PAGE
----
Well, there are a few options. First, you can use that money to put toward your emergency fund, any high-interest debt you have, or another financial goal you have. You could also actually start making student loan payments early. Because there’s no interest on them right now, your payments will be more impactful than they will when the interest kicks back in.
Another strategy you can use is to set aside the money you would be putting toward loan payments in high-yield savings accounts. When loan payments kick back in, you can make one large lump-sum payment on your loans or put the money towards something else.
What to do if you can’t afford your payments
Unfortunately, millions of Americans are still facing financial hardship from the pandemic. A recent Pew Research Center report found that about half of non-retired adults will have a hard time reaching financial goals because of financial setbacks from the pandemic.
For many, these financial setbacks will make it hard to make student loan payments. Here are a few things you can do if you don’t think you’ll be able to afford your payments in February.
Switch to an income-driven repayment plan
If you’ve been on a standard repayment plan for your loans, consider switching to an income-driven plan. The federal government offers four different income-driven plans which cap your payments at a certain percentage of your income. Most plans limit your payments to 10% of your discretionary income.
There’s a loan simulator on the federal financial aid website to help you determine what your payments would be under a different payment plan. If you’re ready to apply for an income-driven plan, you can request it through the Department of Education website.
Apply for loan deferment or forbearance
If you can’t afford to make payments at all in February, then you can request deferment or forbearance of your loans. Both deferment and forbearance allow you to pause your student loan payments due to financial hardship. But they’re typically used in different circumstances.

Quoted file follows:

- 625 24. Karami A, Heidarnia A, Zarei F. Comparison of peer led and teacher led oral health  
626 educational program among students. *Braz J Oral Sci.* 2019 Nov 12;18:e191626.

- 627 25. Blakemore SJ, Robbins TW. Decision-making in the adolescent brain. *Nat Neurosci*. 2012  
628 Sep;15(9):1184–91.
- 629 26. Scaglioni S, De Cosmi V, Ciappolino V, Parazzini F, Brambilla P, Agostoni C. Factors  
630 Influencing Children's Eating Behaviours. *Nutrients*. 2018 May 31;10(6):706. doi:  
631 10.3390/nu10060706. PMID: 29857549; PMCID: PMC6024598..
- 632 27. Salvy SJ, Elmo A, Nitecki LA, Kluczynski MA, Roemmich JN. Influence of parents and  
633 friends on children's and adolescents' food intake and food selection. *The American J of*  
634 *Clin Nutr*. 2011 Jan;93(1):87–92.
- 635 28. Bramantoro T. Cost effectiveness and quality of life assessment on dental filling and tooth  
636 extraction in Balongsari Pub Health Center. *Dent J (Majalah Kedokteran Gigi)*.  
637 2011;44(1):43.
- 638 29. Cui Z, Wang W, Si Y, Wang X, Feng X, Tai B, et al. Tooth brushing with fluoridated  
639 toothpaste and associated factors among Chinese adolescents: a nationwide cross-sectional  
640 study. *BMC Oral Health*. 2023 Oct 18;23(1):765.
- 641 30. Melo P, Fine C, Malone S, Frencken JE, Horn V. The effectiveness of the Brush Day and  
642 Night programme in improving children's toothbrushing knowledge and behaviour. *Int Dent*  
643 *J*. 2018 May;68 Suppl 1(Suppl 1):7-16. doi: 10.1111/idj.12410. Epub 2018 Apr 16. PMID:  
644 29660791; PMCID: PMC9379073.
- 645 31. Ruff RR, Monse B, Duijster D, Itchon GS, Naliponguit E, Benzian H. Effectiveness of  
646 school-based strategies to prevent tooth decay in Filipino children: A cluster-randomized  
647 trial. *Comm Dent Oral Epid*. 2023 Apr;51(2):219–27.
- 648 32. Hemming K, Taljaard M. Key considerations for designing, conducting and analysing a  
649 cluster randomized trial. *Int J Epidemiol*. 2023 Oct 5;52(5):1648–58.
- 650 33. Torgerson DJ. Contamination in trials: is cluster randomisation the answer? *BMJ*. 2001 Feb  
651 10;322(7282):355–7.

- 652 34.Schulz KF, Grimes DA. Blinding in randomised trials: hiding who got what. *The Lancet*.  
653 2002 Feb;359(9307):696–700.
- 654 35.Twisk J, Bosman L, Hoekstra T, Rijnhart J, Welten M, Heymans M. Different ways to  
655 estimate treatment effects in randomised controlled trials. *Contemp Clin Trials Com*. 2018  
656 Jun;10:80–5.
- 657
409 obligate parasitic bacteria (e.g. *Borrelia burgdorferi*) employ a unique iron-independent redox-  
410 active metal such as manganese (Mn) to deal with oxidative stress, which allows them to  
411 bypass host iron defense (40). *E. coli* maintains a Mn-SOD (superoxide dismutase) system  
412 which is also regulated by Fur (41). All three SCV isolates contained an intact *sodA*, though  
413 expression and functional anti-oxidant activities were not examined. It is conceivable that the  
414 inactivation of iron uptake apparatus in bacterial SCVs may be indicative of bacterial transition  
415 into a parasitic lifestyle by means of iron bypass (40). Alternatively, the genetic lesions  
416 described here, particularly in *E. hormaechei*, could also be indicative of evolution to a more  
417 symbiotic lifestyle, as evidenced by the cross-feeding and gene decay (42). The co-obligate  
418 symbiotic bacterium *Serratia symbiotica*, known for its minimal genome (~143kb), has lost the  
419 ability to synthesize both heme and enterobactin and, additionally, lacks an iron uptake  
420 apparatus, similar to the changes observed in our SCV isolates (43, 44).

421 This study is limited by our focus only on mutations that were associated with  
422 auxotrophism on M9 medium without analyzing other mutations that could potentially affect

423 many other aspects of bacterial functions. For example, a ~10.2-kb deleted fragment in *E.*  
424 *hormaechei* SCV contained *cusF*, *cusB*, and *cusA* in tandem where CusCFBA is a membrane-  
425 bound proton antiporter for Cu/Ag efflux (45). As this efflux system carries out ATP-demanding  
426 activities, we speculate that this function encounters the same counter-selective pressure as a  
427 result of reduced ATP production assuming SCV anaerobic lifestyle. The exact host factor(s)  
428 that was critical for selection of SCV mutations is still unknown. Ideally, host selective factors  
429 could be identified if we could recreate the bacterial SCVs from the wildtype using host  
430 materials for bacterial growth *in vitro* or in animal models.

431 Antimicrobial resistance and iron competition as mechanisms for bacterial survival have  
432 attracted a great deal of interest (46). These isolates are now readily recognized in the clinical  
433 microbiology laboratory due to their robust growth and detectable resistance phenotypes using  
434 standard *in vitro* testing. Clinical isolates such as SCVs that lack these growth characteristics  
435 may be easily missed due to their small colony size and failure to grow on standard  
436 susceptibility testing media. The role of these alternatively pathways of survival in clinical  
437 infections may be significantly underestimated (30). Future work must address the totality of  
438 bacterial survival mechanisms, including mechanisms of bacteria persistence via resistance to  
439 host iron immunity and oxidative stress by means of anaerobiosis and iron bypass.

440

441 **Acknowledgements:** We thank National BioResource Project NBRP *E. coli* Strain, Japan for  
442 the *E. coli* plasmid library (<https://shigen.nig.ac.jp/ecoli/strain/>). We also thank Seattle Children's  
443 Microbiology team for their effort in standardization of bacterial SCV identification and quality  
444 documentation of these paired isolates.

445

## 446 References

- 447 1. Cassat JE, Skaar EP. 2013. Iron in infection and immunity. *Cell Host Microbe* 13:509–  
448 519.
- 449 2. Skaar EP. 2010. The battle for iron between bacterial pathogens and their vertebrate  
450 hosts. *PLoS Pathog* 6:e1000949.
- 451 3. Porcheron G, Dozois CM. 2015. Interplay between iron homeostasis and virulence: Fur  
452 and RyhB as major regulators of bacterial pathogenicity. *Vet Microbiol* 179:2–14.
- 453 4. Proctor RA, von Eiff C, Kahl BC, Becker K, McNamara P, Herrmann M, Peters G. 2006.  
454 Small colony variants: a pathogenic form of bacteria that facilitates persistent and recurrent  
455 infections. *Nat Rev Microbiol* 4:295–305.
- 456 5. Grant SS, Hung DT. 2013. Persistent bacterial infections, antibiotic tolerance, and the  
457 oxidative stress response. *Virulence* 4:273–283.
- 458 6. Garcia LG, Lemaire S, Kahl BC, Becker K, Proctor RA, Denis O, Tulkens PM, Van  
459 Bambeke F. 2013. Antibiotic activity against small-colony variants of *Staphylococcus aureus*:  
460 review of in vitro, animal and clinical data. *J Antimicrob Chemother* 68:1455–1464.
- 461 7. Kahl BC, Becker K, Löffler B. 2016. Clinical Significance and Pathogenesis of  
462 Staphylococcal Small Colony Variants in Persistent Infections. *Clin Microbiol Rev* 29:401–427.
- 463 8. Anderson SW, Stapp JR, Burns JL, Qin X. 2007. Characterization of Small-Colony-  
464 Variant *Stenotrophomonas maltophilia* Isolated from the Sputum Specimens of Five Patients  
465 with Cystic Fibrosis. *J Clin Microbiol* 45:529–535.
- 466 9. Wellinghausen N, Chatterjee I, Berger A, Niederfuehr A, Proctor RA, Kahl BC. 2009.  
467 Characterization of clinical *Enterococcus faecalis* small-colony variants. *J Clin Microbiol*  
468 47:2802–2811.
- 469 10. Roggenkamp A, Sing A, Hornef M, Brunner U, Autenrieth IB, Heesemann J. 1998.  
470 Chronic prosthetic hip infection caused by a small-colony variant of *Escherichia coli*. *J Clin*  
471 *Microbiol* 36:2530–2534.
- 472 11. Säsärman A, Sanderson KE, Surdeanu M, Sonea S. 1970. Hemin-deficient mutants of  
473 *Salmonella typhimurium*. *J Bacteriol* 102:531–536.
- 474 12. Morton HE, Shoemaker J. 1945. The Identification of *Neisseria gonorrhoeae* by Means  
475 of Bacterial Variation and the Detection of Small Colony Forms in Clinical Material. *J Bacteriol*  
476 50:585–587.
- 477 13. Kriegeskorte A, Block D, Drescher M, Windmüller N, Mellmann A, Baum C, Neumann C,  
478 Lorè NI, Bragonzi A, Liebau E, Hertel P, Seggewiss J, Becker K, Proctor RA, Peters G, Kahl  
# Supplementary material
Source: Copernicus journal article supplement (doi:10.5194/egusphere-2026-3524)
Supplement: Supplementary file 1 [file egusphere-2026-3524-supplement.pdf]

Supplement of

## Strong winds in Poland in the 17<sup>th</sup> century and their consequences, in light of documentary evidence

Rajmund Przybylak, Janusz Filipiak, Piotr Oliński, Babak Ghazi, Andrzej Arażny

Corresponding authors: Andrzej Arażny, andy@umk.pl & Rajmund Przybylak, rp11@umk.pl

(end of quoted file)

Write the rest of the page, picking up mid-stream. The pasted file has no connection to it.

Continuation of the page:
Depending on the type of loans you have, interest may accrue while your payments are paused and will capitalize when your payments resume if you don’t pay it off first. If you do apply for forbearance or deferment, be sure to make your loan payments until your request is approved so your loans don’t go into delinquency or default.
What about student loan forgiveness?
Plenty of borrowers have been hesitant to make any major progress on paying off their loans in the hopes that the Biden administration will forgive a portion of federal student loans, as was a part of his campaign platform.
Since taking office, Biden has asked Congress to pass limited student loan forgiveness and has asked the U.S. Department of Justice and Department of Education to review his authority to use an executive action to forgive student loans.
It’s impossible to know what action, if any, the administration will take on student loan forgiveness. And for borrowers with large amounts of student loan debt, loan forgiveness likely wouldn’t wipe out all of their debt anyways.
Given the uncertainty, borrowers can use the time leading up to February 2022 to assess any developments in the situation. But once loan payments resume, each borrower will have to decide for themselves whether to try to aggressively tackle their loans, or simply make the minimum payments.
What can you do now? Start managing your finances in one place. Millions of U.S. households use the Personal Capital Dashboard to create a budget, analyze their investments, and plan for long-term goals, like debt paydown or retirement.